8 Attach a load resistor RLoad as indicated in the circuit above and measure the voltage of the signal generator and the voltage across the resistor using an oscilloscope. Start with a load resistor in the neighborhood of PL = VL RL. RLoad = 5, 000 W. Calculate the power transferred to the load resistor using Next pick a new load resistor say for example RLoad = 10, 000 W and measure the voltage across the load resistor and calculate the power transferred to the load resistor using PL = VL RL. Make sure the voltage provided by the signal generator is the same as before by attaching the oscilloscope across the signal generator. If the voltage of the signal generator has changed, adjust the output level of the signal generator. Repeat the above for increasing values of RL using 0,000W, 40,000W, 100,000 W and 1,000,000 W load resistor. Compute the power transferred to the load resistor in each case. Graph PL versus RL. Your graph should have a peak and that peak will occur when RL = Rint. This is a method of determining the internal resistance of a power supply. The Effective Resistance of a Load Resistance attached to a Transformer Consider a transformer connected between the load resistor and the power supply as indicated below: 8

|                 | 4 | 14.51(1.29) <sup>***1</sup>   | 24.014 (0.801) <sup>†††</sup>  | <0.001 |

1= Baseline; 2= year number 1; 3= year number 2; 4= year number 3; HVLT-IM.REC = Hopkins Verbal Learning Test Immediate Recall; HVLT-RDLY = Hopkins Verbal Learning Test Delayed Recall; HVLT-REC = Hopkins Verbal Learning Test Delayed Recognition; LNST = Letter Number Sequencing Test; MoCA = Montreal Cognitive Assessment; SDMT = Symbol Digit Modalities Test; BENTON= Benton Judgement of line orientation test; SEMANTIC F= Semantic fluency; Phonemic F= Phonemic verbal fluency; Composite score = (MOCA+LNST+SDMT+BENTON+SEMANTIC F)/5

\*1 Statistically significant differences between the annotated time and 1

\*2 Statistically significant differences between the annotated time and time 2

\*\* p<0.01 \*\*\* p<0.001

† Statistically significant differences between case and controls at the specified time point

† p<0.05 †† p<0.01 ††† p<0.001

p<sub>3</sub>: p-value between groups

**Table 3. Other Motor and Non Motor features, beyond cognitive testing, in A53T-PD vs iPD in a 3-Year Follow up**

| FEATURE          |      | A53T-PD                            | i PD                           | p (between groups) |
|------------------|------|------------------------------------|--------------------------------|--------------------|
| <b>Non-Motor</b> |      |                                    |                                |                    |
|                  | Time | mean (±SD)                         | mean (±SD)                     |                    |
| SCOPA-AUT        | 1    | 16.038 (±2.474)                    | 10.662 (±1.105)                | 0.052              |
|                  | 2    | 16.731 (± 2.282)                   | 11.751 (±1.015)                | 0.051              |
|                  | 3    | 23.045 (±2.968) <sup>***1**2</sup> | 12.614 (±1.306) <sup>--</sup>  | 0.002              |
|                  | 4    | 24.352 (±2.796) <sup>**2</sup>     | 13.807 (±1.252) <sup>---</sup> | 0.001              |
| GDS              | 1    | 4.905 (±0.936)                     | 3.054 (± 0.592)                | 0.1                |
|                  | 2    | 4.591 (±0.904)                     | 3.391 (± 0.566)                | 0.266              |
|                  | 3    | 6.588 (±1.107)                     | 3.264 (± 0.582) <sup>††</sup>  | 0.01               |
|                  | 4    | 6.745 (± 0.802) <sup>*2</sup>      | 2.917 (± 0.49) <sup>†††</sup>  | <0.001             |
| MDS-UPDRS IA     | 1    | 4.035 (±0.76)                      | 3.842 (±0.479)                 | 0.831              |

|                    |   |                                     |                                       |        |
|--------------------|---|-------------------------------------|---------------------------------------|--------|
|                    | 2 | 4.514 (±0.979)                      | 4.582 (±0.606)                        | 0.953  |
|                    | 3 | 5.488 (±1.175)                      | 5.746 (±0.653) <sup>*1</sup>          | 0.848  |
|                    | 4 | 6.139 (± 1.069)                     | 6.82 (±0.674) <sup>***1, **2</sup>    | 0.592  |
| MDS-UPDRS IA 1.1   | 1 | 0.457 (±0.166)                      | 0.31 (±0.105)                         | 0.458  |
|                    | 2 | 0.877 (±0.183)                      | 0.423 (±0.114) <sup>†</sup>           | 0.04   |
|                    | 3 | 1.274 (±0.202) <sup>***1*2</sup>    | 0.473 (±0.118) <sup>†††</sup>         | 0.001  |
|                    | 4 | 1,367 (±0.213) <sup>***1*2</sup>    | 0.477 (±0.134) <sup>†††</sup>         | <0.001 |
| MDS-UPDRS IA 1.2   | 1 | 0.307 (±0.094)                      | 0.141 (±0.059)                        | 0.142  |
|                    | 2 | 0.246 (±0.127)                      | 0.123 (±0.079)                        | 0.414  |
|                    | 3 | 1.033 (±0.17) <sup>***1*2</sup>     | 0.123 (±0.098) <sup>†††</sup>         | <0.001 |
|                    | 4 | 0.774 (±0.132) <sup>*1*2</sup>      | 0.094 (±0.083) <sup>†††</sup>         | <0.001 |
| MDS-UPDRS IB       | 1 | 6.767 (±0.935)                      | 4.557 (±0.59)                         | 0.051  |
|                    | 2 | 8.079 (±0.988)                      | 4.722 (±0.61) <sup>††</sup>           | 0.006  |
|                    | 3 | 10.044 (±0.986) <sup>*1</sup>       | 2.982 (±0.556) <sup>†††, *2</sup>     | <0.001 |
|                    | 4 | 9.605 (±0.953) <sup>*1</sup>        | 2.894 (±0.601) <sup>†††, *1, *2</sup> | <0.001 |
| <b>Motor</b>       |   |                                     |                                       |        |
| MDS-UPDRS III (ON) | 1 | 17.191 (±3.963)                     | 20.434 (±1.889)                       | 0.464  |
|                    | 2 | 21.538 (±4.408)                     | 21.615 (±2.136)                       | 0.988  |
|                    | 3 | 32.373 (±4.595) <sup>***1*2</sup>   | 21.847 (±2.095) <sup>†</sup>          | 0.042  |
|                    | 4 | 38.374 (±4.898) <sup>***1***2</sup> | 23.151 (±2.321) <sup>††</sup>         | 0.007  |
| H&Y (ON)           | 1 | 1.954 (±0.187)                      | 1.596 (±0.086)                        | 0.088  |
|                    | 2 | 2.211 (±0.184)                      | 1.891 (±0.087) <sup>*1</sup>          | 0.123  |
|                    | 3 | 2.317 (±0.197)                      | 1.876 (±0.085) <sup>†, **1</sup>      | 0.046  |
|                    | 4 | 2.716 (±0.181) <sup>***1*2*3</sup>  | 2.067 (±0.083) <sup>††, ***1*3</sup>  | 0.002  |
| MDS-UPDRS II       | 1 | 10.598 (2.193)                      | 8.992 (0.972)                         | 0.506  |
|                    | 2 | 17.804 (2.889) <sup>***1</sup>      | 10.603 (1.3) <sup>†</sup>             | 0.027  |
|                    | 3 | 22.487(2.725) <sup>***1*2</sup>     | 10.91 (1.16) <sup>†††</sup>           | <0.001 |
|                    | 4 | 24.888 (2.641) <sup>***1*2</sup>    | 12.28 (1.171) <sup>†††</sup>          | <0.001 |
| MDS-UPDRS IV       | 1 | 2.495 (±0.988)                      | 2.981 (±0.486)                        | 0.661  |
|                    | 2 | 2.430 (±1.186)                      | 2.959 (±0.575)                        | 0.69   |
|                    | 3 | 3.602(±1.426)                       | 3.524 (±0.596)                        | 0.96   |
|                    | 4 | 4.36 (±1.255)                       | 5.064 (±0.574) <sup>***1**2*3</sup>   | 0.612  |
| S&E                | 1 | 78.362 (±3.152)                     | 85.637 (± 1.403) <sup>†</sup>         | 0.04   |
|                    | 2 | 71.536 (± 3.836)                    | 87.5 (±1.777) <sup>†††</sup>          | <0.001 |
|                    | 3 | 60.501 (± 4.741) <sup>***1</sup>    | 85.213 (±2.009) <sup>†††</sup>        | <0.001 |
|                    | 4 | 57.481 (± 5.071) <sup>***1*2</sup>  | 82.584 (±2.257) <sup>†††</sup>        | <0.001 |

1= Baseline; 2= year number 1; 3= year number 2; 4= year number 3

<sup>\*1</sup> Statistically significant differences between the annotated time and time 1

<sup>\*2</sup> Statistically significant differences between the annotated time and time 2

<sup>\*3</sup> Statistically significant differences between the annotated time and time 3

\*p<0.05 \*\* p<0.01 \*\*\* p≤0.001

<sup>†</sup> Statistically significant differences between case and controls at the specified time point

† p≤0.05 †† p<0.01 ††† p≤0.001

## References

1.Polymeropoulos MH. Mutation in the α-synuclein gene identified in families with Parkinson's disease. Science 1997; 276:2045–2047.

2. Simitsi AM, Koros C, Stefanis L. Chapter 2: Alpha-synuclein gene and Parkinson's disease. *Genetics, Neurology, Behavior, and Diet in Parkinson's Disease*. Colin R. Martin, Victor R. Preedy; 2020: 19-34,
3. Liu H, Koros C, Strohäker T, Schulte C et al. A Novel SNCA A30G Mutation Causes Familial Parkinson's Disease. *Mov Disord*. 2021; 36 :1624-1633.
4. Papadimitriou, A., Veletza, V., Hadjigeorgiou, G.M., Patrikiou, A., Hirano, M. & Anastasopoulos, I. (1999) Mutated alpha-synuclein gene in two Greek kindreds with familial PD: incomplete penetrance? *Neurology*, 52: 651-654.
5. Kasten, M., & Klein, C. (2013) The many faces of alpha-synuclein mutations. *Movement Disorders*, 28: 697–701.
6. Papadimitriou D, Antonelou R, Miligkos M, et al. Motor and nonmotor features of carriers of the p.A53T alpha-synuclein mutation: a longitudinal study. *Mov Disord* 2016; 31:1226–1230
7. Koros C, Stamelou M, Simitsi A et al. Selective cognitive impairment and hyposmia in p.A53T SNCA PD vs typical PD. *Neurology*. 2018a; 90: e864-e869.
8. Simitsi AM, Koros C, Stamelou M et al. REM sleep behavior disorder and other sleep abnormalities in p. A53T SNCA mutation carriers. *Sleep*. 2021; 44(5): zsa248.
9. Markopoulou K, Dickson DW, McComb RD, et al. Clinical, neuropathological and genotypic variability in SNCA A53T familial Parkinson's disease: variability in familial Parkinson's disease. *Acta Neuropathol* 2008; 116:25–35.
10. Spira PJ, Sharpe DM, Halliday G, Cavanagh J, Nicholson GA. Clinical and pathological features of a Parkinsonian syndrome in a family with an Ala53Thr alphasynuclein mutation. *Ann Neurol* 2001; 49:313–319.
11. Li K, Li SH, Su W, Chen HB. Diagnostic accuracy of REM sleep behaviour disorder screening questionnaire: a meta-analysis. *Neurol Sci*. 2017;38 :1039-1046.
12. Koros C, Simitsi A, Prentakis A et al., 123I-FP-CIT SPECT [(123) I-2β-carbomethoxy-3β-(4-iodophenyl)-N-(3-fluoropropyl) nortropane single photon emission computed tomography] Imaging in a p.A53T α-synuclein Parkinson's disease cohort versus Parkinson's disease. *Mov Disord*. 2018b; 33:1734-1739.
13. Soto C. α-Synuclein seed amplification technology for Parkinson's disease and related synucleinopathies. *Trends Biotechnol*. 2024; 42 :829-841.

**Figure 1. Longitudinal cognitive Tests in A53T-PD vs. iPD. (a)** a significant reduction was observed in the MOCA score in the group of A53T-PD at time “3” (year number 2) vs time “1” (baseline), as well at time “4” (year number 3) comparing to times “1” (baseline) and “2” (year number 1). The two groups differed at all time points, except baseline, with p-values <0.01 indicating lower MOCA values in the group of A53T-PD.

9 9 Assume the transformer is ideal so that the resistance of the windings is small compared with the load resistor and internal resistance of the power supply. Suppose an ammeter is placed in the secondary circuit and Is is measured and a voltmeter (or oscilloscope since you are measuring AC) placed across the secondary reads Vs. Ohm's law holds for the secondary circuit so Vs = Is RLoad (1) A voltmeter (oscilloscope) attached across the primary coil would read V p and this is different from the voltage of the signal generator V0 because there is a voltage drop I p RI across the internal resistance. We can write V0 = Ip RI + Vp (13) The voltage of the primary V p is related to the voltage of the secondary Vs via equation (1) so Vp = Vs (14)